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Matthew Moorhouse, a medical practitioner, arrived in South Australia from Staffordshire, England, in June 1839 to take up appointment as the colony’s first permanent protector of Aboriginals. His instructions required him to become acquainted with the languages and customs of Aboriginal people, protect them from exploitation and, above all, promote the reception of Christian religion and the ‘arts of civilisation’. His early reports included ethnographic descriptions of Aboriginal culture A Vocabulary and Outline . . . of the River Murray Language (1846). He encouraged the education of Aboriginal children, supporting the establishment of schools in Adelaide, Walkerville, Encounter Bay on Fleurieu Peninsula, and Port Lincoln and the mission at Poonindie on Eyre Peninsula. As European settlement spread, Moorhouse regularly visited frontier districts to investigate clashes between Aboriginal people and settlers, frequently serving as a court interpreter. He did his job as well as the prevailing attitudes of the time and the limited resources at his disposal allowed. Moorhouse resigned in 1856 and travelled to England and North America. On his return to South Australia Moorhouse became a pastoralist, settling at Bartagunyah, near Melrose in the Mid North.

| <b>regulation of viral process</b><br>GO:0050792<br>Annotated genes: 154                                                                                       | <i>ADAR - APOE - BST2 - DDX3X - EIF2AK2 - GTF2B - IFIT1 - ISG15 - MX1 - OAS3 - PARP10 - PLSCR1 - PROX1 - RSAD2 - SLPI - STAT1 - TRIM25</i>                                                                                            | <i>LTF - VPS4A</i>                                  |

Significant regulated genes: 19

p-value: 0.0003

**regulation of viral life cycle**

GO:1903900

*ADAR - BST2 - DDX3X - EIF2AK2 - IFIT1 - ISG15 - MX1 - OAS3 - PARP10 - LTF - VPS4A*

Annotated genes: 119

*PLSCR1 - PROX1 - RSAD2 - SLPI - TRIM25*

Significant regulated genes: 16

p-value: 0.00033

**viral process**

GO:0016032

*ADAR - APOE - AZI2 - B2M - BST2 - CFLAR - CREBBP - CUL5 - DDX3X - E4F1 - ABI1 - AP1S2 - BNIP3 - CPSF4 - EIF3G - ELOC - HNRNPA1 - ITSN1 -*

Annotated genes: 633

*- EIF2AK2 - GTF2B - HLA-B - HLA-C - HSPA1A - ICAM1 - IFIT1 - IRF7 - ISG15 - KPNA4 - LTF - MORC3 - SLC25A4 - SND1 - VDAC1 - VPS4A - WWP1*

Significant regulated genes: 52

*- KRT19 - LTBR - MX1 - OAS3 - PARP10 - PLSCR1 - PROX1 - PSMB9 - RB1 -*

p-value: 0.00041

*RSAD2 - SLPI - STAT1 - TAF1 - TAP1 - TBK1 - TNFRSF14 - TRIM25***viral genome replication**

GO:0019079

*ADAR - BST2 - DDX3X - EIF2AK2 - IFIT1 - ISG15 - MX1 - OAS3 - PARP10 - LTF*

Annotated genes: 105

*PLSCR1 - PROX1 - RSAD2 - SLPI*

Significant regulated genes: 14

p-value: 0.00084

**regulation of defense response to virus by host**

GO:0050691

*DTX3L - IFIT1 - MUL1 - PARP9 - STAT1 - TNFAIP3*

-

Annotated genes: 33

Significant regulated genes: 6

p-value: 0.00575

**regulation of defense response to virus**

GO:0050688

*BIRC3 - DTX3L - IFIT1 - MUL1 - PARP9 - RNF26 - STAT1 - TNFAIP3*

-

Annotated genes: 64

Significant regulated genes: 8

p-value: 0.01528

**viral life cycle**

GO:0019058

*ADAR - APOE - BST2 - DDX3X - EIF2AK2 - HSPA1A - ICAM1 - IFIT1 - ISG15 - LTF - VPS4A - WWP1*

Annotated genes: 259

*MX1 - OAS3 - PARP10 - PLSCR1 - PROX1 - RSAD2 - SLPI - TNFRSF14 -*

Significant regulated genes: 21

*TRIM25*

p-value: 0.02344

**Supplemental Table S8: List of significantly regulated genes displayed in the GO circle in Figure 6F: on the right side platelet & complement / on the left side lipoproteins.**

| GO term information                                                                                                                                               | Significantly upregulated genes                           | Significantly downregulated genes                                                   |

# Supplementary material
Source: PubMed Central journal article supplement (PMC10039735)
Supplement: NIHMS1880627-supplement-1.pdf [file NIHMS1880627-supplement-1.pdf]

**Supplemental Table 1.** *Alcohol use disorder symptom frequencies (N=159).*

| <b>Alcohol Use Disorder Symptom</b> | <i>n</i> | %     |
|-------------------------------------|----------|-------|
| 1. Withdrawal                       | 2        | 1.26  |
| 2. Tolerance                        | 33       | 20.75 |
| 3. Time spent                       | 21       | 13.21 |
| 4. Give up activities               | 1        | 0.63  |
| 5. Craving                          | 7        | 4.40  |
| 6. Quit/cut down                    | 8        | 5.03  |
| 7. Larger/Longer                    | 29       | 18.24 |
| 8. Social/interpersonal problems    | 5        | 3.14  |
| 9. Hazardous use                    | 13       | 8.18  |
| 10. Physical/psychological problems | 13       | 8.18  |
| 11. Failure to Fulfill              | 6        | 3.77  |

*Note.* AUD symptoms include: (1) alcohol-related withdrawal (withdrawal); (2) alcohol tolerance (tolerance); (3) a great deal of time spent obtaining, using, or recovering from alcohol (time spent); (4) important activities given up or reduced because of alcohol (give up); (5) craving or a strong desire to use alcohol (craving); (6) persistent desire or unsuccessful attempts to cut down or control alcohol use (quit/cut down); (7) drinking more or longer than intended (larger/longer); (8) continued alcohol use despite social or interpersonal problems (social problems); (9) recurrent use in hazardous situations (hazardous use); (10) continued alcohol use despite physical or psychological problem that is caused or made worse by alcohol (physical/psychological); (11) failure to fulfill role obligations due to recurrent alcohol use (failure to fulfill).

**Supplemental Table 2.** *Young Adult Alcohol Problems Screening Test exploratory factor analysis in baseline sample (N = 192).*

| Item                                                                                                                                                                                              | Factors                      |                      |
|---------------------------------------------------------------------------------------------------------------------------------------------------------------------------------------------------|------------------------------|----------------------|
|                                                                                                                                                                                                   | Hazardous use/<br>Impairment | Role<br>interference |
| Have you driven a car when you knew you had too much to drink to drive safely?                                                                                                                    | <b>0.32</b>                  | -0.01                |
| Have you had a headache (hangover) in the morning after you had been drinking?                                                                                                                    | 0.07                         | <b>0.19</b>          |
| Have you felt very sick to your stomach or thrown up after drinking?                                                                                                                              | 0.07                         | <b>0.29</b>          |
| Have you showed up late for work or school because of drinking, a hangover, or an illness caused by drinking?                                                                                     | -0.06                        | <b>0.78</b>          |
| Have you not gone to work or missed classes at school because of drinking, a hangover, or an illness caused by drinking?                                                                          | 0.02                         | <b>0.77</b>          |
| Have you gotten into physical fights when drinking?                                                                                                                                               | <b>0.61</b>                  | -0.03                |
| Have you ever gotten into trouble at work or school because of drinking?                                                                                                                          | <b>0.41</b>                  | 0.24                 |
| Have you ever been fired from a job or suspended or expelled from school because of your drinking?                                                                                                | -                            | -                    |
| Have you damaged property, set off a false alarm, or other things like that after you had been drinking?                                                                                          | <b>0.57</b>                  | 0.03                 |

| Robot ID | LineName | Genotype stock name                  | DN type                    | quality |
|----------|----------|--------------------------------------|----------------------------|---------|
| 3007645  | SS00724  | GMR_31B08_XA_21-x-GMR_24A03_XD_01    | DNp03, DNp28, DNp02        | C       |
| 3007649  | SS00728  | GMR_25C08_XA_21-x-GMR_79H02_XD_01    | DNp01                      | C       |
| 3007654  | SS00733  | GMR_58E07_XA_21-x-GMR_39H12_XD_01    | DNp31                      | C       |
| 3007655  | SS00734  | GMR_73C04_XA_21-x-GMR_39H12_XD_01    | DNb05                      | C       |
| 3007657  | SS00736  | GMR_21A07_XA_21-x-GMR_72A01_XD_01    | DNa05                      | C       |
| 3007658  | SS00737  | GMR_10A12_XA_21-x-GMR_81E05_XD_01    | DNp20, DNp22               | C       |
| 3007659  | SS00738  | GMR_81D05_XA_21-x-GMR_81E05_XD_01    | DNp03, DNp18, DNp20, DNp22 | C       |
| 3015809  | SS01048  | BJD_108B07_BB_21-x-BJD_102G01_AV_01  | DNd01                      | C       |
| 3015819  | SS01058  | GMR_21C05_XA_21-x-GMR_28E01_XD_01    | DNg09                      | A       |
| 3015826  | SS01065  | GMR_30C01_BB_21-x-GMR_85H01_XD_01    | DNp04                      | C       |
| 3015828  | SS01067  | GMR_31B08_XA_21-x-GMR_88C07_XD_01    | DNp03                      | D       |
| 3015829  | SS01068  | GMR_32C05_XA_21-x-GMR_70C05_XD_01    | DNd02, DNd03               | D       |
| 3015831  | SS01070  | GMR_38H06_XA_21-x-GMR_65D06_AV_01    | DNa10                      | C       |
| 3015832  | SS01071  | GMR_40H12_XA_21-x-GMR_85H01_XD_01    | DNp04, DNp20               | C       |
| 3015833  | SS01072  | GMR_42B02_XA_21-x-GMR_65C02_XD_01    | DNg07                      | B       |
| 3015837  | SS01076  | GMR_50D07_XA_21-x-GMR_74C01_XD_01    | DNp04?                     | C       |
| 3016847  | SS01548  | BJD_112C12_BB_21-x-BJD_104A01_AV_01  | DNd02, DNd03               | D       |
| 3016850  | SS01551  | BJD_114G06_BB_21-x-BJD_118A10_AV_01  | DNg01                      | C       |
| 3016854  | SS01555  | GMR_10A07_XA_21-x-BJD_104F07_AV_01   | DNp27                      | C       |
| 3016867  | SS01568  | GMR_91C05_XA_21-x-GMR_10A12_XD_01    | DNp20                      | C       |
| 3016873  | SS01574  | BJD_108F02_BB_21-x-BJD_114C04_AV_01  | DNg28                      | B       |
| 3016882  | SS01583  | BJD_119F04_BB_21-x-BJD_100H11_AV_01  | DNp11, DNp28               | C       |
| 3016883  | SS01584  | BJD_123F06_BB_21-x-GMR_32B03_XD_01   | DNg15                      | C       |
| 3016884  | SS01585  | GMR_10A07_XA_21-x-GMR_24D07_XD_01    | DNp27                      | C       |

By Robert Foster

This entry was first published in The Wakefield companion to South Australian history edited by Wilfrid Prest, Kerrie Round and Carol Fort (Adelaide: Wakefield Press, 2001). Edited lightly. Uploaded 30 June 2015.

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